We should be grateful for Terence Conran’s revolutionary influence on our homes — despite his flaws

 (Getty Images)
(Getty Images)

When the authors of a biography wait until the subject has died to publish it, you know it’s going to be a juicy read.

Terence: The Man Who Invented Design written by Stephen Bayley and Roger Mavity, covers Conran’s rages, hubris and womanising extensively.

But the chapters on the man as a design revolutionary are, in fact, the most interesting.

In grey, post-war Britain, three-piece suites and utility furniture still ruled. The first Habitat shop on Fulham Road kick-started the modern age in 1964 with cool, young staff in Mary Quant uniforms arranging piles of red enamel coffee pots.

By bringing a spirit of youth and Continental sophistication to the high street, Conran was as ground-breaking and influential on the way we design our homes as the Beatles were on music.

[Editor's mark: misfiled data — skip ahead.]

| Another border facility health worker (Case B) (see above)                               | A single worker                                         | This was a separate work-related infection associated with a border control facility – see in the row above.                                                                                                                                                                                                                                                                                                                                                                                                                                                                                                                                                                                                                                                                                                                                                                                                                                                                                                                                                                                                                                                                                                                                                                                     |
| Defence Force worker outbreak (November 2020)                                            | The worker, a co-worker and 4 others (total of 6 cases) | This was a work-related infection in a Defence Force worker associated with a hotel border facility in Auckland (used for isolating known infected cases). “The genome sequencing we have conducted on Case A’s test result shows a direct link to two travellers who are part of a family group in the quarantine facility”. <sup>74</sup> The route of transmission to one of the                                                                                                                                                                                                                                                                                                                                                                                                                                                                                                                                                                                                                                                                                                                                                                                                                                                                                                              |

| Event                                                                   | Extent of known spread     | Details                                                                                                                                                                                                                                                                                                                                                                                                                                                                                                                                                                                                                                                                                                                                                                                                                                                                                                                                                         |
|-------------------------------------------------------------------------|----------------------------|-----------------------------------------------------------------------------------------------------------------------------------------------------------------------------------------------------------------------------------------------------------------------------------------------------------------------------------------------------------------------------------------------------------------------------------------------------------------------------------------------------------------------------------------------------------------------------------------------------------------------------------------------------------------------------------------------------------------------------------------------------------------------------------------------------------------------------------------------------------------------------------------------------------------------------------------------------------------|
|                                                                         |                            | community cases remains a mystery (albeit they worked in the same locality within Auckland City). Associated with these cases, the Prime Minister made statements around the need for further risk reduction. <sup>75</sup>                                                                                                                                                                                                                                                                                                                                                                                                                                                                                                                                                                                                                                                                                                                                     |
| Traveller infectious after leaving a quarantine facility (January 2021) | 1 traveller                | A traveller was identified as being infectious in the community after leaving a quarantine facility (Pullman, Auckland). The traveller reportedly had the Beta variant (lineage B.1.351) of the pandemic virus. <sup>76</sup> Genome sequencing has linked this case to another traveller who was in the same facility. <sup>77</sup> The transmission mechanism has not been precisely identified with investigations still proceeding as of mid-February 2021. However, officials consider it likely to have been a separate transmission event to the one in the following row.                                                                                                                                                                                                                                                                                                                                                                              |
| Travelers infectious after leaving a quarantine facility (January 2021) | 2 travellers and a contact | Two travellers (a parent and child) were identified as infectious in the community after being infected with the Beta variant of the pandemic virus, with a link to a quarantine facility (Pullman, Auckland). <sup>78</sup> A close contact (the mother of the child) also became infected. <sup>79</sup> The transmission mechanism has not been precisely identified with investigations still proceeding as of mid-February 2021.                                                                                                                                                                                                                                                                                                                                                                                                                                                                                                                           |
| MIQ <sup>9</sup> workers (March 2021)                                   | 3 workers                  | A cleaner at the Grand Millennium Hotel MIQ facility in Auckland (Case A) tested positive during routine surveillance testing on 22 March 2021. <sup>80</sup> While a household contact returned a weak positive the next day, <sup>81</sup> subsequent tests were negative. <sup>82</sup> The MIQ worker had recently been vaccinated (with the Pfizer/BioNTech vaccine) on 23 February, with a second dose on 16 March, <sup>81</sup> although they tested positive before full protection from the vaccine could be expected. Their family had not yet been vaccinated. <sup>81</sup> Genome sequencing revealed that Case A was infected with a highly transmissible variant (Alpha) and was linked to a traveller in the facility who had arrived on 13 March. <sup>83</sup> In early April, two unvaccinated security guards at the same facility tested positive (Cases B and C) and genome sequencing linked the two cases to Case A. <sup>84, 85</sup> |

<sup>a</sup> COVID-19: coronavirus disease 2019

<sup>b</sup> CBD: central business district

As one of the authors Roger Mavity puts it: “Terence invented a new way of thinking about the home, he made people aware that it can be a place of visual joy and got them to think differently about living.

“Young people no longer looked like they were in training to be old people, they suddenly had personalities, desires and ideas of their own and express themselves in their own way.”

In an age of Instagram interiors trends and endless “lifestyle” one-upmanship, it’s easy to take for granted, even resent, the idea of projecting our personalities on our homes.

Without Conran’s open-plan vision, the book suggests, we’d still be living box-like lives in box-like rooms.

We all owe a debt to Terence Conran, I’m just glad I never had to work for him.

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